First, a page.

- By Colum Lynch
Colum Lynch is Foreign Policy's award-winning U.N.-based senior diplomatic reporter. Lynch previously wrote Foreign Policy's Turtle Bay blog, for which he was awarded the 2011 National Magazine Award for best reporting in digital media. He is also a recipient of the 2013 Elizabeth Neuffer Memorial Silver Prize for his coverage of the United Nations.
Before moving to Foreign Policy, Lynch reported on diplomacy and national security for the Washington Post for more than a decade. As the Washington Post's United Nations reporter, Lynch had been involved in the paper's diplomatic coverage of crises in Afghanistan, Iraq, Lebanon, Sudan, and Somalia, as well as the nuclear standoffs with Iran and North Korea. He also played a key part in the Post's diplomatic reporting on the Iraq war, the International Criminal Court, the spread of weapons of mass destruction, and U.S. counterterrorism strategy. Lynch's enterprise reporting has explored the underside of international diplomacy. His investigations have uncovered a U.S. spying operation in Iraq, Dick Cheney's former company's financial links to Saddam Hussein, and documented numerous sexual misconduct and corruption scandals.
Lynch has appeared frequently on the Lehrer News Hour, MSNBC, NPR radio, and the BBC. He has also moderated public discussions on foreign policy, including interviews with Susan E. Rice, the U.S. national security advisor, Gerard Araud, France's U.N. ambassador, and other senior diplomatic leaders.
Born in Los Angeles, California, Lynch received a bachelor's degree from the University of California, Berkeley, in 1985 and a master's degree from Columbia University's Graduate School of Journalism in 1987. He previously worked for the Boston Globe.
There are countless ways in which warfare debases a society. In Syria, perhaps one of the more glaring is the politicization of medical care.
The Syrian government has systematically denied life-saving medical care to civilians suspected of sympathizing with the country’s insurgency, according to a report released today by a Geneva-based U.N. Commission of Inquiry. Syrian doctors, it added, have expressed a "well-founded fear of punishment" if they are found to have treated an enemy combatant, according to the report’s findings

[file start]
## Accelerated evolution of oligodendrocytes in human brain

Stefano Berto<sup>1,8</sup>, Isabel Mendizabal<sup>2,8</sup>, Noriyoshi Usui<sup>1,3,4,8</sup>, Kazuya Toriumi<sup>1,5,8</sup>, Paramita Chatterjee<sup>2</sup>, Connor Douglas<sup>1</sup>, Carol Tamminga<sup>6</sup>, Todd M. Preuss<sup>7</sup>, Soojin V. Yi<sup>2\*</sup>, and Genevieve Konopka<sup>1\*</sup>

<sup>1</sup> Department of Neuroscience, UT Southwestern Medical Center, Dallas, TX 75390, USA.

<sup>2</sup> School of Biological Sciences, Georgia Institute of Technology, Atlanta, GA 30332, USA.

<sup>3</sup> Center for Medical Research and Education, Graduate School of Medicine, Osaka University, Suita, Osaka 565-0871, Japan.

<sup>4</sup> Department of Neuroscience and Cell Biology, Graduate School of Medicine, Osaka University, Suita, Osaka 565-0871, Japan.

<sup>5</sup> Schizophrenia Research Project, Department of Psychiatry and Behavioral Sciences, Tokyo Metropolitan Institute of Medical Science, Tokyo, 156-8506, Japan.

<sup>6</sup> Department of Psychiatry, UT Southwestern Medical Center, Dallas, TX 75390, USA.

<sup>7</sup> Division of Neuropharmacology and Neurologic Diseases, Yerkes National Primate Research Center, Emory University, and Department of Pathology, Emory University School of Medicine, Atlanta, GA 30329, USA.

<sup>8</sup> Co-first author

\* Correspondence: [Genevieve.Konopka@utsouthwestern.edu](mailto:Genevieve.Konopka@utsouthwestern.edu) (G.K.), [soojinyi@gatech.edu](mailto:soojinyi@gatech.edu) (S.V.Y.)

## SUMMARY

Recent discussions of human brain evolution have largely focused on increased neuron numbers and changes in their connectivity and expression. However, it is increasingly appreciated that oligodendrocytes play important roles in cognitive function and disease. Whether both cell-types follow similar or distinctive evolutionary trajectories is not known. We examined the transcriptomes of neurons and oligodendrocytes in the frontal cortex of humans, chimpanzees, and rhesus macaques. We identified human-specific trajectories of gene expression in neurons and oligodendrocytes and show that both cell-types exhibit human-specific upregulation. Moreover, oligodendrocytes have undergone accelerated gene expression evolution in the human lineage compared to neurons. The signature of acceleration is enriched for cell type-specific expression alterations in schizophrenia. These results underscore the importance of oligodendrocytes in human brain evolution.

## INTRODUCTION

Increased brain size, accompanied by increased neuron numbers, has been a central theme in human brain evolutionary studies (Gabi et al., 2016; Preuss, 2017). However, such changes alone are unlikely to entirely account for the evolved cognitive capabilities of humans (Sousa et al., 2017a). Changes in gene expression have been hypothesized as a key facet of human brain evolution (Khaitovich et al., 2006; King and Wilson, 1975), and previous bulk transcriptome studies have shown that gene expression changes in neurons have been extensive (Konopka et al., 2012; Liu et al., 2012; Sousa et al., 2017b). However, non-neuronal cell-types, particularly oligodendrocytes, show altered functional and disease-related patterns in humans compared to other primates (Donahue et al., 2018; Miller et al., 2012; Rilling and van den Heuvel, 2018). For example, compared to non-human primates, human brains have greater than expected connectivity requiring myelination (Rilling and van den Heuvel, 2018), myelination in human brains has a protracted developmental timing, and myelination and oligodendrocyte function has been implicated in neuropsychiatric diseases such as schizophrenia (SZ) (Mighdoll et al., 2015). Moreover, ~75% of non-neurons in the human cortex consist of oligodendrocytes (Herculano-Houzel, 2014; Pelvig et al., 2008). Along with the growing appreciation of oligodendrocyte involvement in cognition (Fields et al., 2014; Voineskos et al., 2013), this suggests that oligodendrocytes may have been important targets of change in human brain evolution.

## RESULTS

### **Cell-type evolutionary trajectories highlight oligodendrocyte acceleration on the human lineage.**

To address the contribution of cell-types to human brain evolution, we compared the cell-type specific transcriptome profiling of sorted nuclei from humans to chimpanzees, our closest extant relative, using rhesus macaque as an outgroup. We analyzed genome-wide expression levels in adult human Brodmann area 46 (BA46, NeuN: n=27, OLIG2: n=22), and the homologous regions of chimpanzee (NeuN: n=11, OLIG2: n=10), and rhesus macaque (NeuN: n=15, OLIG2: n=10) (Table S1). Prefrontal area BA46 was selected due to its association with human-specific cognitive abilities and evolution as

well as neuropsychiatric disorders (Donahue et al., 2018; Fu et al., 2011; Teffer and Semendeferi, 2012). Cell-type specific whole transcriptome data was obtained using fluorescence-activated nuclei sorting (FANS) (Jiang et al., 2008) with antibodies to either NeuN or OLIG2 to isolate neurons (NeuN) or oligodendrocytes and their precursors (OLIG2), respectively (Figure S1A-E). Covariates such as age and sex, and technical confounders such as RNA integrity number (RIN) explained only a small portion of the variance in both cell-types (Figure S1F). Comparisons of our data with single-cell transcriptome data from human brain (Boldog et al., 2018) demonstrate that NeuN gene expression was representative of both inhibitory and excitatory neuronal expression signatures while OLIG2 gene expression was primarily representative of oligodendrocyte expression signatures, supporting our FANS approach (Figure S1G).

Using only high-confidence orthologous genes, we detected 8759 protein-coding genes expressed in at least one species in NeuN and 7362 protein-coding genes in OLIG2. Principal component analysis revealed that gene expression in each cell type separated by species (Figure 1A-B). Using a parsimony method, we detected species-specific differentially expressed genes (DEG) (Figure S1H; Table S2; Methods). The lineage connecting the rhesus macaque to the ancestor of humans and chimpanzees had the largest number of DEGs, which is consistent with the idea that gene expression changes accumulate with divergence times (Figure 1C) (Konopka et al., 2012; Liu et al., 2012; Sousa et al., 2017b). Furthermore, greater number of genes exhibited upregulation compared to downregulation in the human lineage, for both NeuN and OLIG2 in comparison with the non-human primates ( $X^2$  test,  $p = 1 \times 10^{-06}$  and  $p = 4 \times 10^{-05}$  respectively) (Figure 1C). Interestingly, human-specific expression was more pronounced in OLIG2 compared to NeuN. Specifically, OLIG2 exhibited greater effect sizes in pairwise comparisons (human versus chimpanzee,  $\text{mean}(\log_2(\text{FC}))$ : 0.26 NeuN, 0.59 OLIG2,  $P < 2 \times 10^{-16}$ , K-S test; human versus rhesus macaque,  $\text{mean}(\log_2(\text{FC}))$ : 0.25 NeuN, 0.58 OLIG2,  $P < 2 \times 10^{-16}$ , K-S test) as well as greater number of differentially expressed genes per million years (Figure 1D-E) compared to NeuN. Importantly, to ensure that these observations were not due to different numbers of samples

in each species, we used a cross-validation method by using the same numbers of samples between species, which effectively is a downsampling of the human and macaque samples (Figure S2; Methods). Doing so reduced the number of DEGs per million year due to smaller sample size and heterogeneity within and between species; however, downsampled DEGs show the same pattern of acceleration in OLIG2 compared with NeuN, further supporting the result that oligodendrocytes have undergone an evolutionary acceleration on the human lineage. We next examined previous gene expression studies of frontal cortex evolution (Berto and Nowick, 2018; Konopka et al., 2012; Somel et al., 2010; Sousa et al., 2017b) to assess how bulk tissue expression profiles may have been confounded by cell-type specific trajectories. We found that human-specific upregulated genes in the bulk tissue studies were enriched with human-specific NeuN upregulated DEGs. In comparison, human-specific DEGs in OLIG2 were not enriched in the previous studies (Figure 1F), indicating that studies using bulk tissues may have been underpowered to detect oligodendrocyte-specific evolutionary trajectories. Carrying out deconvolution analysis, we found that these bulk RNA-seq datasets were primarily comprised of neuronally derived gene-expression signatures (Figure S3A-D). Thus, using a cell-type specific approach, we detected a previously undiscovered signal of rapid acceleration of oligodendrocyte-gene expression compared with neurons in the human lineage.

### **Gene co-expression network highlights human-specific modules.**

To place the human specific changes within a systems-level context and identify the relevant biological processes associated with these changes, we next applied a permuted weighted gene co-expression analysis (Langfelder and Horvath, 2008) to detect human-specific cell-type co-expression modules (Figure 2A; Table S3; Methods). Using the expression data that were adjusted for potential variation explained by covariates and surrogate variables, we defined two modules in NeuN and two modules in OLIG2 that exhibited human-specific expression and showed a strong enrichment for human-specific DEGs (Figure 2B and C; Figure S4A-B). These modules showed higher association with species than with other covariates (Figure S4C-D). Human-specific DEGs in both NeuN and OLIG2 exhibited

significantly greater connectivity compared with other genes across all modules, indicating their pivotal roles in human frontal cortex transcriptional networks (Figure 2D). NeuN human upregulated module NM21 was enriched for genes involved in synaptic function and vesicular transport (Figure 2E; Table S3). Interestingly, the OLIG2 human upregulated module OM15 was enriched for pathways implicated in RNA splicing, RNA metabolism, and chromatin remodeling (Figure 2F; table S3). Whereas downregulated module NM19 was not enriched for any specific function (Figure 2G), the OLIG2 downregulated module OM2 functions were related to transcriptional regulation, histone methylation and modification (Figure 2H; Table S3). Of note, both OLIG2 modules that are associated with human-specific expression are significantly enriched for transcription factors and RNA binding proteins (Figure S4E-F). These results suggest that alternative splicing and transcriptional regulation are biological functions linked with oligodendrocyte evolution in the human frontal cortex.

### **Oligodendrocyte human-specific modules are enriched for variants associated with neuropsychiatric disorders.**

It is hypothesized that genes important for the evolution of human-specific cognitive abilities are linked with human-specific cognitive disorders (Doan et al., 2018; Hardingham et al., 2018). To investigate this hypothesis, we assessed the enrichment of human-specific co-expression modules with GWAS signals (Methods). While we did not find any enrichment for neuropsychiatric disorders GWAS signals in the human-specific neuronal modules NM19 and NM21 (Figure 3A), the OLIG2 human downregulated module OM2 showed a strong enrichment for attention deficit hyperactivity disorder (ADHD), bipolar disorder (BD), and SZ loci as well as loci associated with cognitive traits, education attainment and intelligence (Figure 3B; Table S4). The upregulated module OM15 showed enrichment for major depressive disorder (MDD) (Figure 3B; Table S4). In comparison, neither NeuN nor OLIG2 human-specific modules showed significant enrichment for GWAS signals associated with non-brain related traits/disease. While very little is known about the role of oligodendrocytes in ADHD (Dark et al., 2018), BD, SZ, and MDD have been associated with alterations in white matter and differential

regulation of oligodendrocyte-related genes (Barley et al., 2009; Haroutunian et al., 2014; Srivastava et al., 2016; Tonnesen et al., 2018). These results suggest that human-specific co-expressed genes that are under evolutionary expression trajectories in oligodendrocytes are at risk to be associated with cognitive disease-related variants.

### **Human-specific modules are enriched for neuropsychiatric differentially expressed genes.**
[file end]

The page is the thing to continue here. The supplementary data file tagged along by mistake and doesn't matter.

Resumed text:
The anti-government opposition has not been without blame. The report suggests medical personnel live in fear of abduction by armed opposition groups who suspect they are loyal to President Bashar al-Assad‘s government.
"One of the most alarming features of the conflict has been the use of medical care as a tactic of war," the report stated. "Medical personnel and hospitals have been deliberately targeted and are treated by the parties to the conflict as military objectives. Medical access has been denied on real or perceived political and sectarian grounds."
In an example of the risks to medical personnel, the U.N. commission reported Syrian government forces in December shelled hospitals in the Yarmouk camp, a district in Damascus that houses Syria’s largest Palestinian population. In Daraa, Syrian interviewees told U.N. investigators that "official hospitals were permitted to treat only members of Government forces and their supporters." Inside hospitals, security forces carry out interrogations and arrests of patients suspects of supporting the rebellion. Sunni Muslims, who make up the vast majority of Syria’s population and of the opposition, are routinely abused by Syrian government forces while receiving medical care.